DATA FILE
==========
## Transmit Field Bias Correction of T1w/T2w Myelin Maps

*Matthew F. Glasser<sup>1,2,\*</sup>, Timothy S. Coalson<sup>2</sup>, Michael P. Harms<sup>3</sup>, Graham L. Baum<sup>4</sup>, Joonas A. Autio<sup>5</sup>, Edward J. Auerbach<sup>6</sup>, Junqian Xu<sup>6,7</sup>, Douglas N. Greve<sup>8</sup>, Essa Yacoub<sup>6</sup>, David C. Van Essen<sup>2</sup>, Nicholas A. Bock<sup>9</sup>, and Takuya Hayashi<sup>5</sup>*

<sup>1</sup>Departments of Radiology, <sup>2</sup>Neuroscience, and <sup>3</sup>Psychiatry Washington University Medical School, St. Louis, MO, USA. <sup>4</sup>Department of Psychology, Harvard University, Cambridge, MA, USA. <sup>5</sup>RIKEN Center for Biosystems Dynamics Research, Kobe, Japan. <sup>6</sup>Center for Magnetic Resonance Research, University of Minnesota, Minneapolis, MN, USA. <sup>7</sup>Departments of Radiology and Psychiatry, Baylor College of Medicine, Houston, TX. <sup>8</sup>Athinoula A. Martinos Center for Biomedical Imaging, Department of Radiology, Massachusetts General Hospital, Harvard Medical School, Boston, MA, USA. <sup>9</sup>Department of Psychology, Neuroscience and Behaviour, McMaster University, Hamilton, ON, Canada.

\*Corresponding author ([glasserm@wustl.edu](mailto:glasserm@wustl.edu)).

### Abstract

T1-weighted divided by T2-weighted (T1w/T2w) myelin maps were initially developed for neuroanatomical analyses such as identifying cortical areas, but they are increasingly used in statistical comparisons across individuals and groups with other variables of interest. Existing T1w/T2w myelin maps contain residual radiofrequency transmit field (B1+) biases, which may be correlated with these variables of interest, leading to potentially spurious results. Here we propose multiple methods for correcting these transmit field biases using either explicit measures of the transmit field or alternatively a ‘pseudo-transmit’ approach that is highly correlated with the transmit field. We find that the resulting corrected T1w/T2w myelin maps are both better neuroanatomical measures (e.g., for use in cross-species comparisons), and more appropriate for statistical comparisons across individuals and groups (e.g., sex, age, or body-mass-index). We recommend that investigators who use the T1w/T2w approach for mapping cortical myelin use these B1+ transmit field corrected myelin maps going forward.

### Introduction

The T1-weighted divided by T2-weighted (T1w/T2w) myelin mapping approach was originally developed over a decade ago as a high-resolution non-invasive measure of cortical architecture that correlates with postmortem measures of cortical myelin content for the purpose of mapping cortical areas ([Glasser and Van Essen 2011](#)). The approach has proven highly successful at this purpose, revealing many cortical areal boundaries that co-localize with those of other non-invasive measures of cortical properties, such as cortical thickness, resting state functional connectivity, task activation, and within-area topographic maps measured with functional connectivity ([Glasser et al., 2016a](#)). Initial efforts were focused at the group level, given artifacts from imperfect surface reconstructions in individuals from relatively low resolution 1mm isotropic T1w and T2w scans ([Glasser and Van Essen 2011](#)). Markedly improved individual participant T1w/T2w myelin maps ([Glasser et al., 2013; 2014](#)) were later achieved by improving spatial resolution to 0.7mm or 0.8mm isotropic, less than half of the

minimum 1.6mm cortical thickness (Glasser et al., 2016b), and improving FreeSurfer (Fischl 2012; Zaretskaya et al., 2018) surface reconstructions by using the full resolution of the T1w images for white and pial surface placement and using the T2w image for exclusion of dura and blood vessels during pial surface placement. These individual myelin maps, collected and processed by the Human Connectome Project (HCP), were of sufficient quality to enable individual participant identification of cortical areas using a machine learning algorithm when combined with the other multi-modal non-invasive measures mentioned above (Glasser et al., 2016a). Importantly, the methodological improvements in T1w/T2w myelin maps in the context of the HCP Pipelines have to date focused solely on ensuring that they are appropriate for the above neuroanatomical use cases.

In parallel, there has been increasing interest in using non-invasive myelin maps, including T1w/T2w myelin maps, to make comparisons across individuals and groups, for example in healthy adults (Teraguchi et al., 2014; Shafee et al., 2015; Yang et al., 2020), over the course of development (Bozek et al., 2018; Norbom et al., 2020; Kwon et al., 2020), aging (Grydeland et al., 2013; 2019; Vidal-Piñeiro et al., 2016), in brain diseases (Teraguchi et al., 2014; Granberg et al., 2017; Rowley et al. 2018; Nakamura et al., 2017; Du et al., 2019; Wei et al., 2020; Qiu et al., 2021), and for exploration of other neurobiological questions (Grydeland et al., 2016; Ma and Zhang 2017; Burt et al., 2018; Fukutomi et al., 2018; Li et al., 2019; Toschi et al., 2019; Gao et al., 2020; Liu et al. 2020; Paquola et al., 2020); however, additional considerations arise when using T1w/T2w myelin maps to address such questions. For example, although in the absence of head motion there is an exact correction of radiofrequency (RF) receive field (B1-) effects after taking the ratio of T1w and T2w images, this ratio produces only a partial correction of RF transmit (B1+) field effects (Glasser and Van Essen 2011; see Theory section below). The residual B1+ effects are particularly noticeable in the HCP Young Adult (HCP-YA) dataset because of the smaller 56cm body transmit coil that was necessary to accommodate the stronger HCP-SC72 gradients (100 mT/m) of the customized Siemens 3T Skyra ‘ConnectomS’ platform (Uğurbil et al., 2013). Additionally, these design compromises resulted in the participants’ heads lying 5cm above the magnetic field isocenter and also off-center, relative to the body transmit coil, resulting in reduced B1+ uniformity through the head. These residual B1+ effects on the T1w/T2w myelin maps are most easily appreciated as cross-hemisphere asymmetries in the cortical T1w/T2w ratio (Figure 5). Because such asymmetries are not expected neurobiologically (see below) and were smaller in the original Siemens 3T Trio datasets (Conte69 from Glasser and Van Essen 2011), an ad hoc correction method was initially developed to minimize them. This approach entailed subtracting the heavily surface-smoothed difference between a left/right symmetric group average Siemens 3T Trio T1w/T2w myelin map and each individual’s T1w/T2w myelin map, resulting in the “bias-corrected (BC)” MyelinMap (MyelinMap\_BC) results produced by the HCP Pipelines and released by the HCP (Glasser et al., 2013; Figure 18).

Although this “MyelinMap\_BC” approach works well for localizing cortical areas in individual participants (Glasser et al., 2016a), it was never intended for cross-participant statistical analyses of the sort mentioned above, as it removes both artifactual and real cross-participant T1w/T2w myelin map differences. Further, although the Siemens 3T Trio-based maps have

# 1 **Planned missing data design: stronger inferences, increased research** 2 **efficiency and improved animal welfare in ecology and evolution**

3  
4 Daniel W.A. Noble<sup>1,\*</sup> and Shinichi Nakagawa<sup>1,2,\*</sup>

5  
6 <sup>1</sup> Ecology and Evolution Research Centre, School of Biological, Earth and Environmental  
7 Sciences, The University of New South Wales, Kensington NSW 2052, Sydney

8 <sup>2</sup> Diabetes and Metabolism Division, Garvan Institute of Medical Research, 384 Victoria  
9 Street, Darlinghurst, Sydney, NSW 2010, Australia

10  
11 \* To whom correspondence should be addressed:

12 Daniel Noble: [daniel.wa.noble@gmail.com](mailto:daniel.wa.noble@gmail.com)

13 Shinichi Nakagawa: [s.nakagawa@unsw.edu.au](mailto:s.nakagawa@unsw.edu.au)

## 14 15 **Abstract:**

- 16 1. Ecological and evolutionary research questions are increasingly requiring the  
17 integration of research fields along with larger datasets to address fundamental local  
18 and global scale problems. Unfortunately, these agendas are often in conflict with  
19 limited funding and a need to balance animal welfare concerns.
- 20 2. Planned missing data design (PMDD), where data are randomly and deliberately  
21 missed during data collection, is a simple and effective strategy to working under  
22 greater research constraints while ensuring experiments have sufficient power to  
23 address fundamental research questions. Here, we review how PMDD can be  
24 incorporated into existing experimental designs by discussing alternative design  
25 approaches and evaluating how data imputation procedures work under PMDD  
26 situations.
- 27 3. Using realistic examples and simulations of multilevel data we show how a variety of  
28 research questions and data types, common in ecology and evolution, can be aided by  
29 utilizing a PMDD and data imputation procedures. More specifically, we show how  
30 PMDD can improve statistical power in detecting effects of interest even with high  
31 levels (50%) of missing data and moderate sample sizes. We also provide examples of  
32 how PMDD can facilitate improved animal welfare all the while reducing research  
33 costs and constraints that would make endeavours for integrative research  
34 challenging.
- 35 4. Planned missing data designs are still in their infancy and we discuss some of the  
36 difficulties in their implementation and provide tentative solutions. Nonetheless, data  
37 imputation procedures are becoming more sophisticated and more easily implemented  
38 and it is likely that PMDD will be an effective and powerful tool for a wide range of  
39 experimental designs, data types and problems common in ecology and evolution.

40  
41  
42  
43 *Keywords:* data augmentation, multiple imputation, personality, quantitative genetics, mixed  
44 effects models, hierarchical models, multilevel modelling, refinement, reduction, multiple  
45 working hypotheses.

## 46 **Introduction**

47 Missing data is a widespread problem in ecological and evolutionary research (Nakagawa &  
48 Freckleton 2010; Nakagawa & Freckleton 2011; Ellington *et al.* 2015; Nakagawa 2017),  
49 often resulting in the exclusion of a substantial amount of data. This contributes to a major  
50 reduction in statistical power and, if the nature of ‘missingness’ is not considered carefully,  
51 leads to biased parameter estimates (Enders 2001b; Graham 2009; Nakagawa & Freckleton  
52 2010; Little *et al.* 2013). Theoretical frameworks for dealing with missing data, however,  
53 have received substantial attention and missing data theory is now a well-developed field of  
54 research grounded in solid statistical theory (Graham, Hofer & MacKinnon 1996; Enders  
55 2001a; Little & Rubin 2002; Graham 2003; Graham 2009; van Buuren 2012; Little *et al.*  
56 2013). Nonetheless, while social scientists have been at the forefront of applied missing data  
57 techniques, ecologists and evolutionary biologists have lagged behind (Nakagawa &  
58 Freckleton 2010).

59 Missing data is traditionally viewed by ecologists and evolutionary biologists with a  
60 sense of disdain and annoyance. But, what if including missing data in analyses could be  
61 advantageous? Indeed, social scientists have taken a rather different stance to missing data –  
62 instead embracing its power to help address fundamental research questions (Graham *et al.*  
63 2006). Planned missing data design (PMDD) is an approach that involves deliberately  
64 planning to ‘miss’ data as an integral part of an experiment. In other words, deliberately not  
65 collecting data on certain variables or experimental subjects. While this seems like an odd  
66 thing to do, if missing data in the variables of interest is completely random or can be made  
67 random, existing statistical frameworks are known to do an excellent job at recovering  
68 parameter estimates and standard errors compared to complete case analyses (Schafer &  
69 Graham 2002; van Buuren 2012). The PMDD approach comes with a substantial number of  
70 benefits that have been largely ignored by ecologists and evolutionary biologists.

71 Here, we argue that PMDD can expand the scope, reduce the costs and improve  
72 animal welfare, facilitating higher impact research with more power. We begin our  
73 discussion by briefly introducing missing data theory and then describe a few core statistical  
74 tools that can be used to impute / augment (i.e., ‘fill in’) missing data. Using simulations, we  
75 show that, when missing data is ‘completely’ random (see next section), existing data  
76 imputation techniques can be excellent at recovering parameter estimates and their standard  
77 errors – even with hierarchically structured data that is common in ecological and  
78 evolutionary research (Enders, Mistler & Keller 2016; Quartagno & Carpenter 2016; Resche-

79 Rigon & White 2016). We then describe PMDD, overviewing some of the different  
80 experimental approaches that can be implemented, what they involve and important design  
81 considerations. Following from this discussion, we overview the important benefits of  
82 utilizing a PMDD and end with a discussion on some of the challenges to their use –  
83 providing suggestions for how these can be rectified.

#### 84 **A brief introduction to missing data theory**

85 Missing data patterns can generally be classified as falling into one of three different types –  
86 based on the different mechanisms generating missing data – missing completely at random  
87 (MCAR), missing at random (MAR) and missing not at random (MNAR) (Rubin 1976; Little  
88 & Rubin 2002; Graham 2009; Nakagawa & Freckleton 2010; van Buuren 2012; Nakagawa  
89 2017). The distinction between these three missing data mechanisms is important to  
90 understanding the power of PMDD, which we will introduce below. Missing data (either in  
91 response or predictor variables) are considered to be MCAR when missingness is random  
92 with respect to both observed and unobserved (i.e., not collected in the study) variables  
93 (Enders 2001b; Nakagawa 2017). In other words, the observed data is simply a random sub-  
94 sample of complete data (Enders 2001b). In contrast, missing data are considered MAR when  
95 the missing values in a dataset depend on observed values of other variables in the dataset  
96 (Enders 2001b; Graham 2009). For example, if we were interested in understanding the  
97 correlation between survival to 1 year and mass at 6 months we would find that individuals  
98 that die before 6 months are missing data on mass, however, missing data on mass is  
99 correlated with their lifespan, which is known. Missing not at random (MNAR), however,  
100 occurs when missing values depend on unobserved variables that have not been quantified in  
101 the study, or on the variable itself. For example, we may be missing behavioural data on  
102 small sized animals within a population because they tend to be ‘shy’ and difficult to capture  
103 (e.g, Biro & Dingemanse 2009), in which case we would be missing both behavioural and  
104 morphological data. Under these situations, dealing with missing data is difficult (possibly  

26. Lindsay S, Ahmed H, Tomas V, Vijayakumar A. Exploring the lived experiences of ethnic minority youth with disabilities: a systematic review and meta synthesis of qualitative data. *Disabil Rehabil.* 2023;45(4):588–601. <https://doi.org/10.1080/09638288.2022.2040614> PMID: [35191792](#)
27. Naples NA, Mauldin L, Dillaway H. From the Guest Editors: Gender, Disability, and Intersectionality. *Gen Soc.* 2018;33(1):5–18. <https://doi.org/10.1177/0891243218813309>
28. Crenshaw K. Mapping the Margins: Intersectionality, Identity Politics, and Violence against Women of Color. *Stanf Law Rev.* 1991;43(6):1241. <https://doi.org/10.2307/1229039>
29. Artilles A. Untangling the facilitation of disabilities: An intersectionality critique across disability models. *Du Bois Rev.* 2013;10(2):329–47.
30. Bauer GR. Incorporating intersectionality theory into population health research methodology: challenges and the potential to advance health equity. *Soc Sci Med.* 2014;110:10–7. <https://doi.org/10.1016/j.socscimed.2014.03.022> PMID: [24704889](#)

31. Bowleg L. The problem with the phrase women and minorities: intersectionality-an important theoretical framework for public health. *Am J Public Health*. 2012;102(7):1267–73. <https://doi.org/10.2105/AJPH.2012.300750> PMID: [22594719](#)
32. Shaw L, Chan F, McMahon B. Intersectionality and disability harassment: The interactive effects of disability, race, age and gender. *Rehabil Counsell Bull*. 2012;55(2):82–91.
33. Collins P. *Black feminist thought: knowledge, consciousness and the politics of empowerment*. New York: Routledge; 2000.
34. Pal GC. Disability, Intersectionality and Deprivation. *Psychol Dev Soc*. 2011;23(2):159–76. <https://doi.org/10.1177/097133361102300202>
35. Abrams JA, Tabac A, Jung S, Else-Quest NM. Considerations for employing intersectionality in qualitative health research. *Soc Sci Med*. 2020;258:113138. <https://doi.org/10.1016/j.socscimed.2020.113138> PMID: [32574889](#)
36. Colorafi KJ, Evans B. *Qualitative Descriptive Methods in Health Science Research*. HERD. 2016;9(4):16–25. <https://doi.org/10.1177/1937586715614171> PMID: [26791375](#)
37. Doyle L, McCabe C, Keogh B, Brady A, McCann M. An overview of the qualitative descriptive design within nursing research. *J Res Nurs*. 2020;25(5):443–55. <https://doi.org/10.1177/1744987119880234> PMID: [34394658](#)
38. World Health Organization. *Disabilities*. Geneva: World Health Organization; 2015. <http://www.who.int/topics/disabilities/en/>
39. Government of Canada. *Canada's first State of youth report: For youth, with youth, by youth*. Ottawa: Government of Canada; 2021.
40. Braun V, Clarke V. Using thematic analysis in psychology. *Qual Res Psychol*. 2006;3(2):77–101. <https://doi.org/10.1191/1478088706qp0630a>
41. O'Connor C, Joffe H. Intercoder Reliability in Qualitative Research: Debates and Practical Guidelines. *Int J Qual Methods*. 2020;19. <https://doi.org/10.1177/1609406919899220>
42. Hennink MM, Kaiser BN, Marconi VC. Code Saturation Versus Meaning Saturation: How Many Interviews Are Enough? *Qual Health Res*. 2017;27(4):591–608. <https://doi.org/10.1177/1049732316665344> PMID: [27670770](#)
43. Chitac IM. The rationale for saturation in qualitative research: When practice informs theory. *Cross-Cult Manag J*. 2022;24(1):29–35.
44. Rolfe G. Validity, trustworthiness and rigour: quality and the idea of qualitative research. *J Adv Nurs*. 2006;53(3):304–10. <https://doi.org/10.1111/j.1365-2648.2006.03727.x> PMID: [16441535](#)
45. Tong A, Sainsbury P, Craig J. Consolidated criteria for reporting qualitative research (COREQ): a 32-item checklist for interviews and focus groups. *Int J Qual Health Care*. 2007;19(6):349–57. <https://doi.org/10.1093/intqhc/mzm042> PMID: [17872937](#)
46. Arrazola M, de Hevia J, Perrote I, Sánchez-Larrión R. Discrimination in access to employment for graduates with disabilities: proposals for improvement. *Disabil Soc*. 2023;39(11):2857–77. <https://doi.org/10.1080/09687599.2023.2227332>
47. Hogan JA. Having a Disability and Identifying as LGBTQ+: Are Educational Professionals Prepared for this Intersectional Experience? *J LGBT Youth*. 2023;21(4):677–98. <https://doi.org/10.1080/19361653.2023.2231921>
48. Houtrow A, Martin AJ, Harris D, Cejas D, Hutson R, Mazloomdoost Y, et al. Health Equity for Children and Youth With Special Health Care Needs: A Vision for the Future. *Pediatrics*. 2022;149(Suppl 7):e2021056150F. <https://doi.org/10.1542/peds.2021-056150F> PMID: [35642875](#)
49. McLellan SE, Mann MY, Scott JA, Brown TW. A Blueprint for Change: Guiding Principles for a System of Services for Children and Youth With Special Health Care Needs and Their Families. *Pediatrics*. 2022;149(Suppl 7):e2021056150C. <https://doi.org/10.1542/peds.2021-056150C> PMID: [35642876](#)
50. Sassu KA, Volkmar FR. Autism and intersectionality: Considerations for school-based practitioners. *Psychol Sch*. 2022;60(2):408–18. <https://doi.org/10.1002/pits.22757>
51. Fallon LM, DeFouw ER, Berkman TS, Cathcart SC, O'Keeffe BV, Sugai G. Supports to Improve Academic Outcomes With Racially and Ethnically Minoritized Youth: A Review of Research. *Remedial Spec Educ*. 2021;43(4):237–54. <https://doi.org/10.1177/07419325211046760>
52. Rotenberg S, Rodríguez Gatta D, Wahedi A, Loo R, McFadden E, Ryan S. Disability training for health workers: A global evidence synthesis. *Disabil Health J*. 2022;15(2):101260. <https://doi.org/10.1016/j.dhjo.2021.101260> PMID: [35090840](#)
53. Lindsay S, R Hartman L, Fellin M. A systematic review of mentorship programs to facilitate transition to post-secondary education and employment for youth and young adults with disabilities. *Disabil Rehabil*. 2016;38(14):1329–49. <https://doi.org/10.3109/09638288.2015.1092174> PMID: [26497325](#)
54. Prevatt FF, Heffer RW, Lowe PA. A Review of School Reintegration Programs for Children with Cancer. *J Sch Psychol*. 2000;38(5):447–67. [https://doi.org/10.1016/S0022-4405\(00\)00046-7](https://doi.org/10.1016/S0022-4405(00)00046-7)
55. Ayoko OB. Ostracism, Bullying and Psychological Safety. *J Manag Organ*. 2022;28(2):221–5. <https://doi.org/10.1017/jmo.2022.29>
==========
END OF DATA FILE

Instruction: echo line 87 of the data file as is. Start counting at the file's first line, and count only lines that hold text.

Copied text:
78 evolutionary research (Enders, Mistler & Keller 2016; Quartagno & Carpenter 2016; Resche-